So voxels are most likely out.
Let’s say we want a much-improved version of Unity’s heightmap-based terrain system though, what would it look like?
Volo’s terrain is based on heightmaps with a resolution of 1 pixel per meter. We need the terrain resolution to be at least this high to generate interesting geometry to fly through, and without it we couldn’t generate the little rock formations and crevices that we love. Fun fact: when I started making the Swiss Alps terrain last year I used double this resolution, and it felt heartbreaking to have to halve it.
But we also want to see all the way to the horizon, many kilometers away! If you tried to keep all of that high-resolution terrain in memory you’d make most of today’s gaming PCs weep in agony.
Luckily we don’t need all the detail all the time. You can’t distinguish the shape of individual rocks of far away terrain, so there is technically no need to have that detail loaded. We could stream terrain details in and out as we fly, and save a huge amount of memory.
With Unity you can load chunks of terrain dynamically and patch them into existing terrain, so technically you *can* stream details as you move through the world. The catch is that all loaded terrain chunks have to use the same resolution, otherwise the edges of the chunks don’t connect properly. You can see this in the current v3.x builds of Volo, where the low-resolution terrain outside the borders has huge gaps where it transitions to the high-res playable terrain. In turn, this means you would have to load far-away chunks at the same resolution as nearby chunks, even though they might only represent a couple of pixels on your screen! This wastes a lot of memory and rendering resources, and it greatly limits the view distances we can get.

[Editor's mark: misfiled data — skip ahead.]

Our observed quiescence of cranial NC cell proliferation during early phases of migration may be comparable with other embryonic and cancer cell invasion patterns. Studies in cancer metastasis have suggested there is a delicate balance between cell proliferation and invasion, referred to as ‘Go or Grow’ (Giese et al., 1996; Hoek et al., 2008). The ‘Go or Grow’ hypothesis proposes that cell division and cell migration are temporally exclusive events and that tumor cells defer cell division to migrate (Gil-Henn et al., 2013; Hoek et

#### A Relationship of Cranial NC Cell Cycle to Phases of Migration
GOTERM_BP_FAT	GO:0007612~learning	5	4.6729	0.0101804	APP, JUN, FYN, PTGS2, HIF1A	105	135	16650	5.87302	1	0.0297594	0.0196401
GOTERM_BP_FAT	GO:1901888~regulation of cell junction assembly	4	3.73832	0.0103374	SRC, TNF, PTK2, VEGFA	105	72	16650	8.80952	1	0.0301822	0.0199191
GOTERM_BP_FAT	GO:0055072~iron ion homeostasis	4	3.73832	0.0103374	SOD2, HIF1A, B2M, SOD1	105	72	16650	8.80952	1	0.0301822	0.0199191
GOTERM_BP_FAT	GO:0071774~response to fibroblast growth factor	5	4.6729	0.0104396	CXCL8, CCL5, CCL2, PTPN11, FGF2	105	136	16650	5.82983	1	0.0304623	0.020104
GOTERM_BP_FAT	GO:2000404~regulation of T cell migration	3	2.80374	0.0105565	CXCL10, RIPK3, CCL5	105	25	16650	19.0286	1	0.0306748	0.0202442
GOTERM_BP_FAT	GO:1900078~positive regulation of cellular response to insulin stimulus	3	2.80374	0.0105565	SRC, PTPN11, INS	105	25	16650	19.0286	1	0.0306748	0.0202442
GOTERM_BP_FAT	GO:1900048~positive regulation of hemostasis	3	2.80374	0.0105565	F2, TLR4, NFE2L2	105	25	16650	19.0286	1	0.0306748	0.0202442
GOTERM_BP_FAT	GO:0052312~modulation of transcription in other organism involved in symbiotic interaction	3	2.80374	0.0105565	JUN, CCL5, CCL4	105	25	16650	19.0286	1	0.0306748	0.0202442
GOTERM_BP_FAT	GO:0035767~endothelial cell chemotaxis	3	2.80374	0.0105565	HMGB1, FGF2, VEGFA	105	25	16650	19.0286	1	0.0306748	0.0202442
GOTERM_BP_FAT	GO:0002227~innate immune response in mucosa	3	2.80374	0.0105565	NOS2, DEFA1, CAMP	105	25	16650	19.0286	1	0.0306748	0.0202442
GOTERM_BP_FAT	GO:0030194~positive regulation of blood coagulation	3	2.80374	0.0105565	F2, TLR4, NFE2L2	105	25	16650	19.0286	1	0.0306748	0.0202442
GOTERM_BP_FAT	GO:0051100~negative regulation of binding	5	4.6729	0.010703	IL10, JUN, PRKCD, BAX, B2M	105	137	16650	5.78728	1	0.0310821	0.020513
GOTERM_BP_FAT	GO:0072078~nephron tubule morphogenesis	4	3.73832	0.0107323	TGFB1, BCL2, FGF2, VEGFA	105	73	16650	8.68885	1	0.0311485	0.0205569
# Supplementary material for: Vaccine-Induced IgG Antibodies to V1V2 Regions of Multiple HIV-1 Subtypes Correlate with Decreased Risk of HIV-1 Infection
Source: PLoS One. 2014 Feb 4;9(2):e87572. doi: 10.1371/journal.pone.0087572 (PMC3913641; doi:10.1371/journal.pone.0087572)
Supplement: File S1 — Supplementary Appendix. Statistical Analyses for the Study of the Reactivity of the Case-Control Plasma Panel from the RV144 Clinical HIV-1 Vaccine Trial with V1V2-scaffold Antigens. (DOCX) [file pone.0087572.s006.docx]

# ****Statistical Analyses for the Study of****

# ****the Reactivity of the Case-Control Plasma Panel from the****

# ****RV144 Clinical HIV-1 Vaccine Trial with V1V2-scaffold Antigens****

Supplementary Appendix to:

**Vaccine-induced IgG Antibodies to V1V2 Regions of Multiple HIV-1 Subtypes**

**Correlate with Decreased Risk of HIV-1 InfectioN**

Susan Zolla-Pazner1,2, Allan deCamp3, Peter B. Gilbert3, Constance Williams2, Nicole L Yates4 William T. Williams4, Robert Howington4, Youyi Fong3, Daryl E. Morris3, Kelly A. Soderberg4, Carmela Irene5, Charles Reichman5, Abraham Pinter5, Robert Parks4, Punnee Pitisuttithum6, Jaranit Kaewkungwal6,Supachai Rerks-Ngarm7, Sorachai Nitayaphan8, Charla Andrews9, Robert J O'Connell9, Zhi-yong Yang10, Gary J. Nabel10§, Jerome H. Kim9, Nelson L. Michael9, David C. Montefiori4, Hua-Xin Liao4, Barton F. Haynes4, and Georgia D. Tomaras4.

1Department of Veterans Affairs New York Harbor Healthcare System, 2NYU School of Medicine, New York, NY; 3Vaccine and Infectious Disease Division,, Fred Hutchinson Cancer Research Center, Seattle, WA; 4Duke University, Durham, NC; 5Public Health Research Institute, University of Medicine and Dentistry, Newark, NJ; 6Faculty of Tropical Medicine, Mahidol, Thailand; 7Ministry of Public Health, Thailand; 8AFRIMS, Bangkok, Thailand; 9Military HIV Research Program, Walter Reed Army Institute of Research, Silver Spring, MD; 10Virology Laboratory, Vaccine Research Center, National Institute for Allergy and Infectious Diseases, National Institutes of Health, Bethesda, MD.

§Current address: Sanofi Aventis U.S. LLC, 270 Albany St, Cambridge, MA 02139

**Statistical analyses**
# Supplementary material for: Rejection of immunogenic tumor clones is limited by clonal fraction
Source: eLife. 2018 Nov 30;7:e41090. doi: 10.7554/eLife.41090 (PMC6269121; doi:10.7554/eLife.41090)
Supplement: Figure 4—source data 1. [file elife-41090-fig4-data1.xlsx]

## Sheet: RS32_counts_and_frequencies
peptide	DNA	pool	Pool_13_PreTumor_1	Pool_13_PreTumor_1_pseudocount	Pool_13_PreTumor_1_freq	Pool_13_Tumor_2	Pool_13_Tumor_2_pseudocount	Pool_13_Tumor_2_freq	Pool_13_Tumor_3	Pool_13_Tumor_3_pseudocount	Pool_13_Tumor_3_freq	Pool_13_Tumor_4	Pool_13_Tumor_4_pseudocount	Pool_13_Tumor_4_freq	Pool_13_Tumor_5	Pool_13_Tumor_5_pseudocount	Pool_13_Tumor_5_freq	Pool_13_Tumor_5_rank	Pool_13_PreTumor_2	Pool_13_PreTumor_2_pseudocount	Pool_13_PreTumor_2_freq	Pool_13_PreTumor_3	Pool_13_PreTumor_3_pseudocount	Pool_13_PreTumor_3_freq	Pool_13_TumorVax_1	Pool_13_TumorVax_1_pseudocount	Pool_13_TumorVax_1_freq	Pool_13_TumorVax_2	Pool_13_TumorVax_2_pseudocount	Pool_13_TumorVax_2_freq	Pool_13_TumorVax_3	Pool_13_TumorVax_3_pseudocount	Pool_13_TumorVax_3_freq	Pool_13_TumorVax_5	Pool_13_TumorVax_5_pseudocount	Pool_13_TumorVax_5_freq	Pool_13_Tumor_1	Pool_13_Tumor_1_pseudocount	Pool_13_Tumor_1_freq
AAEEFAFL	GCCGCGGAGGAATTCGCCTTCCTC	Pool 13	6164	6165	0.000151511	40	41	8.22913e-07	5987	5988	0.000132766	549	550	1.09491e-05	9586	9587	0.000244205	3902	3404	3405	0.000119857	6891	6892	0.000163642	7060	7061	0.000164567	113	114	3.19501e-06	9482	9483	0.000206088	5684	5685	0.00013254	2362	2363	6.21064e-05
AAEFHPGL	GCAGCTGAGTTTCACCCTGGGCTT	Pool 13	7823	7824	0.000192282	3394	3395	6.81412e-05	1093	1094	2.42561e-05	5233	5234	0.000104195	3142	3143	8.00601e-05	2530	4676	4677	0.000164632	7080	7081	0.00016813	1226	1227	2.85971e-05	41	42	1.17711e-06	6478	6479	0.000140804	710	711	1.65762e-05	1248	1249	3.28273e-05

For the new system I’m making sure we can load chunks of terrain in at arbitrary levels of detail, so far away chunks use only a little bit of data to represent far away terrain.
Level of Detail
You’ll know from playing Volo that Unity’s terrain system doesn’t have smooth transitions from one level of detail to the next. When you cross a certain distance threshold it pops in a higher resolution version of a bit of terrain, and this is very noticeable.
This stems a lot from how the terrain engine was meant to be used, I think: from an on-the-ground perspective, moving at relatively low speeds. But when you’re flying at high speeds the terrain is just popping all the time.
I’m playing with a technique from this paper, which animates the vertices of each terrain mesh to exactly match the next level of detail as you get closer to it. Here’s a quick wireframe demonstration (view it on HD):
Foliage and Detail Rendering
I haven’t thought about this too much yet, but I think we can do better than Unity here, too. The way it loads and renders grass and trees is one of the biggest causes for slowdown in the current versions of the game (especially in VR).
I know both Big Robot and Facepunch are both rolling their own grass rendering, and I might take some inspiration from that.
Over the last two months I’ve taken the occasional hour to toy with these ideas, but I should really take a full week to make some big strides. My attention is currently divided between the architecture changes and working with freelancers though. Perhaps in a month or so. 🙂
That’s it for last week!